Nir Barkat
Photo: Gil Yohanan

Jerusalem mayor sees vast potential in tourism

Nir Barkat is sure he can triple the number of visitors to Holy city over the next decade

When Jerusalem Mayor Nir Barkat stares out at his city, the one-time venture capitalist sees fresh opportunity: He believes he can turn Jerusalem into one of the world's leading tourist destinations, on par with New York, Paris and London.


In a city known as much for its religious strife as its religious sites, this will be no simple task. But Barkat says he has a product that's easy to market. He confidently predicts a tripling of the number of visitors over the next decade.


"There are very few cities like Jerusalem that have such potential, with over 3.5 billion people on Earth who would like to come visit Jerusalem at least once in their lifetime," he said in an interview. "The brand Jerusalem is one of the most powerful brands in the world."


Since taking office in 2008 years ago, Barkat has presided over an ambitious development plan that has brought in new sporting and cultural events, opened a light rail system that has helped renew the long-neglected city center and boosted the number of international visitors by a third, according to the Tourism Ministry.


In April alone, some 300,000 people are expected for the Easter and Passover holidays.


Barkat says Jerusalem attracted some 3.5 million tourists last year. That number is higher than the 2.7 million figure the Tourism Ministry cites, a discrepancy probably caused by the difficulty of measuring day trips. Both are estimates, and part of the question is how many of the measurable population of overall tourists to the country come to Jerusalem.


Church of the Holy Sepulchre (Photo: Ron Peled) 


Barkat says his goal of attracting 10 million tourists annually – about the level of Rome – is "just the tip of the iceberg of the potential of the city."


Jerusalem is Israel's leading tourist destination, attracting 80% of the country's tourists, Tourism Ministry says.


A magical city

The word "Jerusalem" takes on almost magical connotations for many. Holy to Judaism, Christianity and Islam, it is home to famed holy sites like the Western Wall, the Church of the Holy Sepulchre and the golden-capped Dome of the Rock.


History and intrigue seem to lurk inside every crevice of the city's cobblestone alleyways, bustling open-air marketplaces and parched hills.


The city also has a biblical zoo, a surprisingly vibrant nightlife and culinary scene, a top learning institution in Hebrew University, the respected Israel Museum and the Yad Vashem Holocaust Museum.


But problems also plague modern-day Jerusalem. It is among Israel's poorest cities, with rundown areas in both Jewish and Arab sections and an outdated road system often snarled with traffic. Relations between Jews and Arabs – and between religious and secular Jews – are often tense.


The Western Wall (Photo: Reuters) 


Any attempt at development, no matter how well meaning, can be politically explosive, as Barkat himself has learned.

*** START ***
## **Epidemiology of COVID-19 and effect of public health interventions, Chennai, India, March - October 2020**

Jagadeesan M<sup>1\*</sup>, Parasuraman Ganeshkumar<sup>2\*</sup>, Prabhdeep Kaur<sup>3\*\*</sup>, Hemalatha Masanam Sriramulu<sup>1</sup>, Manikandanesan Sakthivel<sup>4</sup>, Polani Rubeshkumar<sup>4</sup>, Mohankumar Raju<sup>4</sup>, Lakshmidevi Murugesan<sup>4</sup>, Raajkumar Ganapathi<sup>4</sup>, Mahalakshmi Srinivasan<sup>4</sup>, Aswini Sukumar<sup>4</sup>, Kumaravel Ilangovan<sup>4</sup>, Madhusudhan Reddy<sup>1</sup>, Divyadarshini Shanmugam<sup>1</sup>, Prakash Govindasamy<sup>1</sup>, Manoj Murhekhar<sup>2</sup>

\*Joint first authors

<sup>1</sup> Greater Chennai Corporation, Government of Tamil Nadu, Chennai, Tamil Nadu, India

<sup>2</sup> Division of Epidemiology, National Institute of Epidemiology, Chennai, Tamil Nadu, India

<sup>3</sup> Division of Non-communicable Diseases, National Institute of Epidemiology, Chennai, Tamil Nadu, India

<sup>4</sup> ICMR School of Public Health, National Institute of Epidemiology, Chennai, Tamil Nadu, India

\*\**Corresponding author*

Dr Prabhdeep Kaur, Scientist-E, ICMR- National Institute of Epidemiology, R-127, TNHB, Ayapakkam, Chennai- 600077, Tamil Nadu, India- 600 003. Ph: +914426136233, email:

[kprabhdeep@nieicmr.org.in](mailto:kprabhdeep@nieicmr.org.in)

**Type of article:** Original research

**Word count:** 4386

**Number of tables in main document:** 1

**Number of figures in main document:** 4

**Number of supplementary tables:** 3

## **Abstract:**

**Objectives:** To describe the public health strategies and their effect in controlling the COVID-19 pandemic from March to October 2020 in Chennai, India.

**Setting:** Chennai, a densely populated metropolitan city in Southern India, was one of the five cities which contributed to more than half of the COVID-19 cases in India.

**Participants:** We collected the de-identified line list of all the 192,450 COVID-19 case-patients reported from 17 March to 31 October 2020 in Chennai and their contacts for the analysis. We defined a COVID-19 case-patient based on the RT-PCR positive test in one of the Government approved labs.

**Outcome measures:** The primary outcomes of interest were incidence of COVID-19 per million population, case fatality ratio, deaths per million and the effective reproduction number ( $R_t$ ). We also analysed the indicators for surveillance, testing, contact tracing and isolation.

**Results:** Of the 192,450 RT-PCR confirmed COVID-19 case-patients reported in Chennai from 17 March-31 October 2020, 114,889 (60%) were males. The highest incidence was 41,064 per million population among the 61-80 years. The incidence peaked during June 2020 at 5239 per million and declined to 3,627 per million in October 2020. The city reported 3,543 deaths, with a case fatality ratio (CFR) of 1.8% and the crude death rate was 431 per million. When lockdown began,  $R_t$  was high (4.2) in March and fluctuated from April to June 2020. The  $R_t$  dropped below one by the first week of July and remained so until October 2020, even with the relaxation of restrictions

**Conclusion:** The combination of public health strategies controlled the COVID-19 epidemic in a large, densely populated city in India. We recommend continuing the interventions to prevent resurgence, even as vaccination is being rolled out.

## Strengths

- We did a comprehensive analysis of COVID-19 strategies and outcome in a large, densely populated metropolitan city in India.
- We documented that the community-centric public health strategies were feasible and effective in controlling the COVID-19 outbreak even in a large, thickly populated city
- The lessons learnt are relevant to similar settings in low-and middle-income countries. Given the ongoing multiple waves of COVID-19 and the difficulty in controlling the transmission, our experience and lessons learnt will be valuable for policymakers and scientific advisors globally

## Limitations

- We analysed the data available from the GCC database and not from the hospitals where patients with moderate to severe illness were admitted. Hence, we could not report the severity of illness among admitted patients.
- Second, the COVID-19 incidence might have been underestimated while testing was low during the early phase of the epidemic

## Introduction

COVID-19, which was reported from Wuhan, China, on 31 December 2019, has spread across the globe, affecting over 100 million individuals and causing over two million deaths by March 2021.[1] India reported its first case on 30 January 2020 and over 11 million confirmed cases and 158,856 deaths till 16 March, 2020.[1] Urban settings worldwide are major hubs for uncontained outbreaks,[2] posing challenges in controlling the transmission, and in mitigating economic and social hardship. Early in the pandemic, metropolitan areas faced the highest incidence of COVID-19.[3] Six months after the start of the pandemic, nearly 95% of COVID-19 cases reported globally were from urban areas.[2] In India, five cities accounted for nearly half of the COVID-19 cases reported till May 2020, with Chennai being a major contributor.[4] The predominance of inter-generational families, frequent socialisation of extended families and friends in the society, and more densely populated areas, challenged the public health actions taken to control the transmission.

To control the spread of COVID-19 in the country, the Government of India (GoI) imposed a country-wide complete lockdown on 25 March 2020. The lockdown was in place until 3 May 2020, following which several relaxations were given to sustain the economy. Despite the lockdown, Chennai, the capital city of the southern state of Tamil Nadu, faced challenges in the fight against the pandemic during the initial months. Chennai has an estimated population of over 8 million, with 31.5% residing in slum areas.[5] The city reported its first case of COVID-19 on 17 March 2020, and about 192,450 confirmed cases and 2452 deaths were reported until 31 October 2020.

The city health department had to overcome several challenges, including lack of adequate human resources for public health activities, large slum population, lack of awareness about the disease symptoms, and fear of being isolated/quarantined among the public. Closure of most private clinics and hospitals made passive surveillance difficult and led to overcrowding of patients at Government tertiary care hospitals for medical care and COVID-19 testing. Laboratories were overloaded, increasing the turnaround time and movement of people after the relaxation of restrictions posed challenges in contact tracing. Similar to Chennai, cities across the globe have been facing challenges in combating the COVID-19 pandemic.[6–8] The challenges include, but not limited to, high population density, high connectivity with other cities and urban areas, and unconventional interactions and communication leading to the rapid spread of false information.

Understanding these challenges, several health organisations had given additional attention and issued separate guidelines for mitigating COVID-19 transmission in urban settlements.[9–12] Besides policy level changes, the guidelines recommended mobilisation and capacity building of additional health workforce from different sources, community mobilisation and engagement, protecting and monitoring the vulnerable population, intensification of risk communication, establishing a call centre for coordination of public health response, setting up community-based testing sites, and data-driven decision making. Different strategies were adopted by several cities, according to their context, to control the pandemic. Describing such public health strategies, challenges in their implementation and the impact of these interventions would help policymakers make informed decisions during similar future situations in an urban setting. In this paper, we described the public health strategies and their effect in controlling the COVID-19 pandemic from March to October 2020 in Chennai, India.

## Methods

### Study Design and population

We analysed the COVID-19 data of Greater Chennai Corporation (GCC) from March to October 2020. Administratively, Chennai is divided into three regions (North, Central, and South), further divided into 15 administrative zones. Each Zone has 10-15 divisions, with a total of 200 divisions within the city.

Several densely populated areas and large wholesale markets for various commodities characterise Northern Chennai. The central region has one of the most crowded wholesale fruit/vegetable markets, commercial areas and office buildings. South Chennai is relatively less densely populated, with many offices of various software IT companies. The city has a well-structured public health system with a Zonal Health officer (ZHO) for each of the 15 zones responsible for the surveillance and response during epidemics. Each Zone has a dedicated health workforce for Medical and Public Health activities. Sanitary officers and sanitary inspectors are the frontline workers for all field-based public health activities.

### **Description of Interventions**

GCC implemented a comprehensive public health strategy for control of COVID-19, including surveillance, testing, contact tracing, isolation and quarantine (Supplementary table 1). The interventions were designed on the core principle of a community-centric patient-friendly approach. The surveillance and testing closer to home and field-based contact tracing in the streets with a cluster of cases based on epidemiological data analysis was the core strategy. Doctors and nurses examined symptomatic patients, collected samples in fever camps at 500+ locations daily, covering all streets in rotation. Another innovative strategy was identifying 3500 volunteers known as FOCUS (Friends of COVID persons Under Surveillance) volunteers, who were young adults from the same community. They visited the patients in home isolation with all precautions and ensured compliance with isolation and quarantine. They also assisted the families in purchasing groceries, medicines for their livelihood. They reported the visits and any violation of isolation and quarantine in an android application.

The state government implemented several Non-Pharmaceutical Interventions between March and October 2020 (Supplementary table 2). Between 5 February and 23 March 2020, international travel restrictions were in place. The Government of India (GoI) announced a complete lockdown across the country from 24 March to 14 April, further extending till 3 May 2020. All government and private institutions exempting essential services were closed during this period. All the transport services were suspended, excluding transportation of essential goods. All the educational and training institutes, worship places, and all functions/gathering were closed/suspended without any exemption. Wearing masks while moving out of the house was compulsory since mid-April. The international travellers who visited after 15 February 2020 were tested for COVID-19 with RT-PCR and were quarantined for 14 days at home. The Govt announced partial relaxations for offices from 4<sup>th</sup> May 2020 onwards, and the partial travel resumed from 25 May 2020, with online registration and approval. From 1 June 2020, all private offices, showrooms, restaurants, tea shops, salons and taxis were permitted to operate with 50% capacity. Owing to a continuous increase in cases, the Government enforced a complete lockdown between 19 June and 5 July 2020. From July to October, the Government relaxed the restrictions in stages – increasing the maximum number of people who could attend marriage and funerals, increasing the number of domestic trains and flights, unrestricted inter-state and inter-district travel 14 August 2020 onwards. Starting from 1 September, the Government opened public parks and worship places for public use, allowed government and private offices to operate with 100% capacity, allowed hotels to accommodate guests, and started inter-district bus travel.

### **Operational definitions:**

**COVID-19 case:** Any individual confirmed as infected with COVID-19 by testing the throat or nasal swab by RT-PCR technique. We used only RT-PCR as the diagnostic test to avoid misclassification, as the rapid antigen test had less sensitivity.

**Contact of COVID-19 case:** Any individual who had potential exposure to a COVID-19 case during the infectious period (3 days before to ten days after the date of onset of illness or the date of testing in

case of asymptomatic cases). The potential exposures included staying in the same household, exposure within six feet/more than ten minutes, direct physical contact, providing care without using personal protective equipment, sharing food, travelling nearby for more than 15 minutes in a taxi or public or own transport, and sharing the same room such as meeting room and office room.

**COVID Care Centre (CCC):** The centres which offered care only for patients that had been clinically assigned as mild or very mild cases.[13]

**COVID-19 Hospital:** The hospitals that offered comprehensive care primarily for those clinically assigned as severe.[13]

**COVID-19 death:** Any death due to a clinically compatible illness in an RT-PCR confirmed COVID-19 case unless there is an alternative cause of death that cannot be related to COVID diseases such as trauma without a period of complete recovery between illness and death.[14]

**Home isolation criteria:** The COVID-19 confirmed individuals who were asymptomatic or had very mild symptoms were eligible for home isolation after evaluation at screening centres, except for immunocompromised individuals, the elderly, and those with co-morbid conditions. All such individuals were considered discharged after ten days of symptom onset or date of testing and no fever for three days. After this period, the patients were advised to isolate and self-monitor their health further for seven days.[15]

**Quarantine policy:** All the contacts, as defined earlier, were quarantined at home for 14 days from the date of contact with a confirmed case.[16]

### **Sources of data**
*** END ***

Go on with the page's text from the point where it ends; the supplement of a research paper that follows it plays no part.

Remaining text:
His plan to develop a ramshackle Arab neighborhood outside the walls of the Old City has run into fierce opposition from residents, who accuse the mayor of trying to cement Israel's control over the eastern part of the city.


Excavations have also sparked protests by Jerusalem's ultra-Orthodox population, which objects to any construction that risks disturbing ancient Jewish graves.


With 3,000 years of history, virtually every corner of the city is built upon an ancient burial site.


Opportunity vs. challenge

Tourism operators complain of more mundane problems. They say the dire shortage of hotel rooms and open space, narrow and overcrowded roads and a lack of parking are all serious constraints on future growth.


The lack of hotel space has driven up prices, with rates in upper-end hotels exceeding $450 a night.


Barkat has made clear he is addressing many of these areas saying that he expects current construction to raise the number of hotel rooms in the city by 20% to 12,000, and believes financial incentives will help double that number over the next decade.


Projects are in the works to build a 2,000-room hotel and convention center complex, with an eye toward attracting lucrative business travelers.


Dome of the Rock (Photo: Reuters)


Jerusalem is also building a massive sports complex built that will host the country's national soccer stadium, an 11,000-seat basketball arena and an Olympic size swimming pool, all for international competition. The complex is expected to be done next year, he said.


In the short term, Barkat, a culture buff and long-distance runner, has brought an array of street fairs and sporting events to the city. Last month, Jerusalem hosted its second annual marathon, drawing 1,500 international runners.


"Just having events physically located in the city, that creates a huge impact and a strong message that we're open for business," Barkat said.


Barkat added he is also working hard to streamline bureaucracy. He insisted Jerusalem is "far safer" than major US cities, despite the occasional violence that still makes headlines.


"Fighting an image is sometimes difficult, but the best way to fight it is to send 3.5 million good customers (home) every year, and that's where we are," he said.









פרסום ראשון: 04.06.12, 14:49
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